George was shown throughout London, and England for the next few years as ‘The Beautiful Spotted Boy’, or the ‘Spotted Negro of Renown’. The piebald dog theory (no doubt drawn from Patrona’s own 80 years before) makes an appearance in the pictures of George, who looks to be a lovely baby. The similarity in the markings on his body show it is the same boy. He died in 1813, of ‘a gathering’ about the jaw, which perhaps was a facial tumour his condition predisposed him to. Richardson had done well out of his purchase, and if his treatment of George in death mirrored his treatment of the boy in life, perhaps little George Alexander Gratton’s short existence was not so very bad: Richardson had George buried in Richardson’s own plot at the All Saints Church on The Causeway in Marlow, and had an attractive and dignified headstone fashioned for him. He was later buried with George, and his own headstone placed behind that of his ‘Beautiful Spotted Boy’, where they remain today.

Supernaturalearth.myfreeforum.org Forum Index -> Freaks
Piebald is a word often used to describe animals with large black and white spots, however in the golden age of sideshow – and even long before that - it was used to describe human beings with this unusual skin condition.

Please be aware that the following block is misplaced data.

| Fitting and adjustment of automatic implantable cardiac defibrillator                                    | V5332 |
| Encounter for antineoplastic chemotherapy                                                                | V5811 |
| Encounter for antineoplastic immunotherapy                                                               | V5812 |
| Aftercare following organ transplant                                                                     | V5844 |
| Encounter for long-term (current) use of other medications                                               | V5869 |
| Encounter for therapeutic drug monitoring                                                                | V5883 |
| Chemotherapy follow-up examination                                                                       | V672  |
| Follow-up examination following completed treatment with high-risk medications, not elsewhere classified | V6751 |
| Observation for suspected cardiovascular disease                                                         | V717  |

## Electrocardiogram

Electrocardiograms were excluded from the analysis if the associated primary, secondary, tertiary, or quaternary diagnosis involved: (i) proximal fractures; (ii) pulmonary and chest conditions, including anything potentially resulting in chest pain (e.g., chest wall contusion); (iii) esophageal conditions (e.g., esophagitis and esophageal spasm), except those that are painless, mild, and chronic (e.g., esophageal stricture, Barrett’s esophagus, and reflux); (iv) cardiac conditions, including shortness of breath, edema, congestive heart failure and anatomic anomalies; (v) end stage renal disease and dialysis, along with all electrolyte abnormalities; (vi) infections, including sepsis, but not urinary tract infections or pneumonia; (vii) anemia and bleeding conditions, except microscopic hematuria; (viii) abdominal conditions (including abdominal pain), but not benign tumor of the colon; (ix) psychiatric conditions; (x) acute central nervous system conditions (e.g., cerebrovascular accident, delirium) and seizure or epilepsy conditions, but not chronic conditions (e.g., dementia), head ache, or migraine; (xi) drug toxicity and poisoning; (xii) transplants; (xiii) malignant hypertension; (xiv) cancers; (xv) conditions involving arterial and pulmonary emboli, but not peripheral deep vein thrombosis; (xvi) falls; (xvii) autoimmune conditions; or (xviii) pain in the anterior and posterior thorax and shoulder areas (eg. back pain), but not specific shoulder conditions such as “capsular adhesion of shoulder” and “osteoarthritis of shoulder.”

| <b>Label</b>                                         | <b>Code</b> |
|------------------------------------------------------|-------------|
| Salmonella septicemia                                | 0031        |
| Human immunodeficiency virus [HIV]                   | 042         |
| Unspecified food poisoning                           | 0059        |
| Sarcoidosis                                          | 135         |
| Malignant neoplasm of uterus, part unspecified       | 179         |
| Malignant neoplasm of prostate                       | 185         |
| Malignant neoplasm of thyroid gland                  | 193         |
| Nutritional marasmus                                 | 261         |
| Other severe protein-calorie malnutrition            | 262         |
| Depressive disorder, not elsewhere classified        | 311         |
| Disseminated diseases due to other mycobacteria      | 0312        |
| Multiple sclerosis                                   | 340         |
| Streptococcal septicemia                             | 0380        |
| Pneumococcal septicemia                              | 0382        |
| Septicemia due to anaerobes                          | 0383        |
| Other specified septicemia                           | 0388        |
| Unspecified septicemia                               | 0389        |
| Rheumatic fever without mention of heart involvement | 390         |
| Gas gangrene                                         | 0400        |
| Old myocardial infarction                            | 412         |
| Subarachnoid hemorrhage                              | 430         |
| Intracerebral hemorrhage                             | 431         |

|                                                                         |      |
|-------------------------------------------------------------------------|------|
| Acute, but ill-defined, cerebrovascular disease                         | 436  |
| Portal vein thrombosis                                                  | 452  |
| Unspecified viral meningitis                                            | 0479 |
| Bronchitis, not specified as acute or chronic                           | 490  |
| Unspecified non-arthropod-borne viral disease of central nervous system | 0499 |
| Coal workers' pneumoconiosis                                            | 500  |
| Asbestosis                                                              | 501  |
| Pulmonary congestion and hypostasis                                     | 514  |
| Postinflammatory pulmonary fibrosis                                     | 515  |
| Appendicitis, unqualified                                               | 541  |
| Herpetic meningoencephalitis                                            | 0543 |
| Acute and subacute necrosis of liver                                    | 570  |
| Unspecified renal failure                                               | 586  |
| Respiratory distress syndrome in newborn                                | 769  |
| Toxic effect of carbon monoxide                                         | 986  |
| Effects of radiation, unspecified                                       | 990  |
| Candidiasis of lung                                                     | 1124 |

Contrary to what one may assume, piebalding is not related to albinism and is instead caused by dominant mutations of an altogether different set of genes in a condition known as Vitilligo These mutations can occur in persons of any color. However, persons of African heritage with vitilligo make up the bulk of sideshow performers – often called leopard or zebra people - and are the subject of most of the medical history – most of that early history is filled with racist statements and ignorance.
The first image depicting 'piebalding' in a human being occurred in the pages of Histoire naturelle by Buffon. A lithograph features a young girl – around the age of five – standing amid an exhibit of curiosities with a two-tone body. Buffon never met the child first hand but owned an original painting the lithograph was based upon. The painting was done by an unknown Columbian artist in 1740 and bore the following inscription: